Pride and Prejudice 1

I thought it might be interesting to take a fresh look at some of the many ways to take notes in Tinderbox. I spent a couple of days with Pride and Prejudice, keeping track of all the characters — there are at least 46 — and how Austen introduces them.

One point I want to make at the outset: simply deciding to take notes can help you read with focus and attention.

Here, solid links connect characters who are introduced in direct dialogue, and dotted lines connect characters mentioned by other characters or (rarely) by the narrator. It’s striking, for instance, how useful the silly Mrs. Bennet is to the novelist: she talks about everyone, all the time. Though this is (I think) my fourth reading of the novel, I had never noticed how strategic that is.

Jan 24 28 2024

The Russian Web

Russia is shutting down the World Wide Web and creating its own closed internet.

I’m wildly short of time these days. I’ve got Thinking With Tinderbox to finish, I’ve got a ton of Tinderbox features to design and fixes to fix, and there’s a paper for Hypertext 2024 in Poznan that’s not going to write itself. (I’m still hoping to get to Kharkiv after the conference, though even from Poznan it’s a mighty long way.)

Yet, I sense that it’s time for new blogging — a time to take back the Web from enshittification and MAGA. Dave Winer’s been doing some fine work. So has Michael Tsai. Plenty more.

We’re going to have a Tinderbox Meetup on weblogs on Saturday, Feb. 24 with Jack Baty and Dave Rogers. You should come, too.

Two cans of beer a day, and that’s your bleeding lot.

And now we’ve got an extra one because they stopped the tot.

But we’ll put on our civvie clothes and find a pub ashore

A sailor’s just a sailor, just like he was before.

by John McPhee

A young McPhee somehow convinced William Shawn to send him to profile the Swiss Army. It turns out that the Swiss Army is fascinating — and very good. We end up high on a mountain, eating fondue and reporting on a nuclear weapon of size petite.

The dynastic adventure of the battle between Clan Korval and the sinister Department Of The Interior reaches a pinnacle of excitement, as everyone heads first for an obscure, desolate wilderness world and then for the Liaden capital. An excellent Western in space.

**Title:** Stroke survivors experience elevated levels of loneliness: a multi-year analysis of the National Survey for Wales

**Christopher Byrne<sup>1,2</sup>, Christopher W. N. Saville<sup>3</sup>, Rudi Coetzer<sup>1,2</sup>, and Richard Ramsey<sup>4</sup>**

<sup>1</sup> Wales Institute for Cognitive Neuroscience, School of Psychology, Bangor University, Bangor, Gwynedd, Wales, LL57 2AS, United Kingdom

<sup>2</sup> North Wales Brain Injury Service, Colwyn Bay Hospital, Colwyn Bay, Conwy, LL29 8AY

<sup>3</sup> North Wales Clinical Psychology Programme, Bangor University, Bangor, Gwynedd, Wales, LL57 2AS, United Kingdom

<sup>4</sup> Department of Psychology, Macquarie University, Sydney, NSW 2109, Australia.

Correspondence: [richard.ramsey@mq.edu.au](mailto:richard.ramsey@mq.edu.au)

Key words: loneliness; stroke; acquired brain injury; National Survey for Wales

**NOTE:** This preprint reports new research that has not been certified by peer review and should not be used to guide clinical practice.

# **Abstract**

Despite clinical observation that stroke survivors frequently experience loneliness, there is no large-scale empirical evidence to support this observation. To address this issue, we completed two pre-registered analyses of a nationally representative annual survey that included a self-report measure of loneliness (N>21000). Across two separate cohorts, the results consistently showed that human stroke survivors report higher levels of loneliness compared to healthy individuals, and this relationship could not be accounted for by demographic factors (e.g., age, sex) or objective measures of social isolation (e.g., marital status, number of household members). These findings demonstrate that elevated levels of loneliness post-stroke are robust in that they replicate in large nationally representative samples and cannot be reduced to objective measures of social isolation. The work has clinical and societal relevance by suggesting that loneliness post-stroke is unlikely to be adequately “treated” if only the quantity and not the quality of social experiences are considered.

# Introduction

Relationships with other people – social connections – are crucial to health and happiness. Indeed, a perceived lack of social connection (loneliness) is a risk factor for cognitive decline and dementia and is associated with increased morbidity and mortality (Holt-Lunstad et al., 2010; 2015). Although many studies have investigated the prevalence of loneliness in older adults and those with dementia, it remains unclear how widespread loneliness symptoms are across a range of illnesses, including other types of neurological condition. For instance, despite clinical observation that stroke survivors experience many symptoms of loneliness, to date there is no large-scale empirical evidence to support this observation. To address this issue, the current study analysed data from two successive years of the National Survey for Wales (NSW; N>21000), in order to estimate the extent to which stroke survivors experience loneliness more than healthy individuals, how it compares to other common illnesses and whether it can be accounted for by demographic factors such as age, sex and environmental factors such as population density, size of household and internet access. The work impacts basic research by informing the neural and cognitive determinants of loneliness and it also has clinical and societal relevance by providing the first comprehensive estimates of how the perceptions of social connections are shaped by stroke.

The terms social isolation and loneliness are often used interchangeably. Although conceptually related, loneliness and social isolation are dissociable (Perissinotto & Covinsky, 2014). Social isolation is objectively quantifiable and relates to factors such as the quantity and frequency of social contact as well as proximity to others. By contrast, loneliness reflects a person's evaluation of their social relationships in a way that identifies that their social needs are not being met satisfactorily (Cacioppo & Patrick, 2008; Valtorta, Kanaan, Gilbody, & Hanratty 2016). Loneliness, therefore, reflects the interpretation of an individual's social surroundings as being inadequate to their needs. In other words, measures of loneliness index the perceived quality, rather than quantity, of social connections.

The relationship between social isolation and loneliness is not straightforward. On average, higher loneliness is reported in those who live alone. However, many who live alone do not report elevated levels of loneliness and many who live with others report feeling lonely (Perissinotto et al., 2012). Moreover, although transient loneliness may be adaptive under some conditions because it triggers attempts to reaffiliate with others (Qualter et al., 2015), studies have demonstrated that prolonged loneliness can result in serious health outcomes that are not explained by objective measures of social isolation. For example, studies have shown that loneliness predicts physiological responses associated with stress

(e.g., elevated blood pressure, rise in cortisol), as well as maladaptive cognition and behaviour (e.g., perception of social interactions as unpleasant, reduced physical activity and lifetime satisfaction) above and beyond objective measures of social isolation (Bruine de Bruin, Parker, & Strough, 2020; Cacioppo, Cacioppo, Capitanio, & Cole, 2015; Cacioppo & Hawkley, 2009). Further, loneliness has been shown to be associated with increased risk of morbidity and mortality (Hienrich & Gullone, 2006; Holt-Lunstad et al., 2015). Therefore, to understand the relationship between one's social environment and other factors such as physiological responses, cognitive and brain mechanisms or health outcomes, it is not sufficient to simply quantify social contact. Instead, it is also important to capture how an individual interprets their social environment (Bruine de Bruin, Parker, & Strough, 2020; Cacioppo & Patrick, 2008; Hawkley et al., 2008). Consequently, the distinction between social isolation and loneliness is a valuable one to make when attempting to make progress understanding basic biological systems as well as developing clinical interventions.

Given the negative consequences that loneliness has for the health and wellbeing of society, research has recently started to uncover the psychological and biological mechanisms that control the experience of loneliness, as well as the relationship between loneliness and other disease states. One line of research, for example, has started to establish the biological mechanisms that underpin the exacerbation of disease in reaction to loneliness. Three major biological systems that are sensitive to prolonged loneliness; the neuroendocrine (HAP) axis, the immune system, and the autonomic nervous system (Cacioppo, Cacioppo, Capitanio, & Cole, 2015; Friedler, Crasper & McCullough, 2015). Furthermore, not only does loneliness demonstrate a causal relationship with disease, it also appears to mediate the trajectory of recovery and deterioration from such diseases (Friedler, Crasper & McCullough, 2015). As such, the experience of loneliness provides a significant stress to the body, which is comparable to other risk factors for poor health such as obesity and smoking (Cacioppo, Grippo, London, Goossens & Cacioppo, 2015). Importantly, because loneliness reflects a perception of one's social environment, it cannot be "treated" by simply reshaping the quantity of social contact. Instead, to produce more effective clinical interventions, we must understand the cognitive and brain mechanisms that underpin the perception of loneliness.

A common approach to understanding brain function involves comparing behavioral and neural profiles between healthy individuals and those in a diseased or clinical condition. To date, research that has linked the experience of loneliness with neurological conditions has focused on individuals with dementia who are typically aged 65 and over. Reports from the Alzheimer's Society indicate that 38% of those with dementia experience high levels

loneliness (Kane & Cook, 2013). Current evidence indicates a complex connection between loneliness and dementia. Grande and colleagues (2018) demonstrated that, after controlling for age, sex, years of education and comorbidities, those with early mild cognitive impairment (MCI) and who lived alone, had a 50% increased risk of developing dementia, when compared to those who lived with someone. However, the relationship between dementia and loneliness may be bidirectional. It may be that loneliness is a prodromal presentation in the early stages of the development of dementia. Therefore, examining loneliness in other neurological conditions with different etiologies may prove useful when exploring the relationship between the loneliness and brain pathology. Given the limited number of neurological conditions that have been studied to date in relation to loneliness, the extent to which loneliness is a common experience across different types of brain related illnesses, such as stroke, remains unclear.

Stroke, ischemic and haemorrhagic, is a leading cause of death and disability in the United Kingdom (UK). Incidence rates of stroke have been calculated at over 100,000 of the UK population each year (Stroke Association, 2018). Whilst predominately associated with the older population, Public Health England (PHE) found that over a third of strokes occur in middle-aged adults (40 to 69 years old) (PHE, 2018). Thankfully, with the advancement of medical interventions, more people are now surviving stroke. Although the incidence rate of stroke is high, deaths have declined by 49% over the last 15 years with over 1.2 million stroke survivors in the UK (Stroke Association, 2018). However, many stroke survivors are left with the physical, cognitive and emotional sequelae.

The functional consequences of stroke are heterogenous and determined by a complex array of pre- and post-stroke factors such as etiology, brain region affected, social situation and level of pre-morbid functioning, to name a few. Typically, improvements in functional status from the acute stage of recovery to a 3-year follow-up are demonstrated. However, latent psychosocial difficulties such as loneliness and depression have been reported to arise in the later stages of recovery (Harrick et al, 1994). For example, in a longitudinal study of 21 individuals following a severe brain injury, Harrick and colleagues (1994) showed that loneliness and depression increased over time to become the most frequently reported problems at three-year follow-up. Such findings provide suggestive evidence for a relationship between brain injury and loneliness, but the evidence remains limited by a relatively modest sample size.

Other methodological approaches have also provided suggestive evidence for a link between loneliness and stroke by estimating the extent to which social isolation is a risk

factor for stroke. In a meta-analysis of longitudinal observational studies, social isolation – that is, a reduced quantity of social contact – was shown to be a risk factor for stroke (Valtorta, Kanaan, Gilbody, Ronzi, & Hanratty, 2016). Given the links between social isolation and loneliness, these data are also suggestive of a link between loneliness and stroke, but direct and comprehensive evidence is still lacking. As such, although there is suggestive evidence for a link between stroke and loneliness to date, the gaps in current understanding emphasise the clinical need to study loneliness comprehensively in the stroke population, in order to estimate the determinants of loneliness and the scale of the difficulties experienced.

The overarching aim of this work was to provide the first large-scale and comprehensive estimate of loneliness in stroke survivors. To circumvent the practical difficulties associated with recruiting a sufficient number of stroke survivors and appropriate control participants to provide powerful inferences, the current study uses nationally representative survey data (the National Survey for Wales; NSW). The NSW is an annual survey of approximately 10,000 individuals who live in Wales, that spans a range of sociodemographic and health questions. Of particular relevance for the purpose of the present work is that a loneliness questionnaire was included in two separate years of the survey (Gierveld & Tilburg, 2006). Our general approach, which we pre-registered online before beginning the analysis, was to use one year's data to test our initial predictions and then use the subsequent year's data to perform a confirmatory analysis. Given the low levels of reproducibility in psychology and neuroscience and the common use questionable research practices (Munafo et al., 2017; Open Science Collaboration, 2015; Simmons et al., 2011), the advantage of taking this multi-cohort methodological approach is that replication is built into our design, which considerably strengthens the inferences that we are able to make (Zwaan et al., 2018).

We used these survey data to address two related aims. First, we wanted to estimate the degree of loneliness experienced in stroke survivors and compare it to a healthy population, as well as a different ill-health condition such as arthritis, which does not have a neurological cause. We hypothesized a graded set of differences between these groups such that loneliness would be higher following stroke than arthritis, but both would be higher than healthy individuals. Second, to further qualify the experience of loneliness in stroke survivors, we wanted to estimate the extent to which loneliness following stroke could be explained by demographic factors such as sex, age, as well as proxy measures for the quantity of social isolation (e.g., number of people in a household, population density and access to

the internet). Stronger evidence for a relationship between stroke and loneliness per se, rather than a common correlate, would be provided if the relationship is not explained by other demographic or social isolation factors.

by Brandon Taylor

A strange, sprawling Iowa Writing Program novel about a group of Iowa graduate students. Some are poets, some writers, some dance. One dancer’s tendons gave out, and now he’s finishing an MBA to his own, and his friends’, consternation. The New Yorker loved it. The Times Literary Supplement loved it. I didn’t: reading this, I found myself recalling Hanya Yanagihara’s A Little Life and recalling that some of the circle of friends in that story were likable, and in that story things happened.

Not much happens here. Perhaps that is the point. Everyone has sex but no one has romance, perhaps because no one really expects this world to last. Art may be eternal, but eternity isn’t what it used to be.

by Francis Ford Coppola

When he first considered directing The Godfather, Coppola took a copy of the Mario Puzo novel and pasted each page onto a 8½×11 page. On nearly each sheet, he made copious notes about casting and directing the film. Between chapters, he added fascinating memoranda discussing ways he could establish period detail, atmosphere, and ways he could wreck the movie by doing that scene badly. Coppola’s notes are direct and insightful: for example, as soon as the undertaker Bonasera appears, Coppola reminds himself that this small part must be played by a superlative actor. A fascinating record, especially for people who study note-taking.

Jan 24 3 2024


by Robin Sloan

An absolutely adorable novel, by the author of the wonderful Mr. Penumbra’s 24-Hour Bookshop. Lois Clary is a young software engineer who has recently moved from Michigan to San Francisco, where she works at a growing robotics startup. Like most of her colleagues, she is completely dependent on takeout and mail-order meals, especially a nutritional Slurry® that makes normal food redundant. Lois thinks it’s dystopian but efficient. What Lois really enjoys is the Double Spicy combo from a neighborhood popup kitchen: spicy soup and spicy bread. When the mysterious proprietors have to decamp, one step ahead of Immigration, they leave Lois a crock of their Secret Sourdough Starter, and a CD of music to which the starter likes to listen.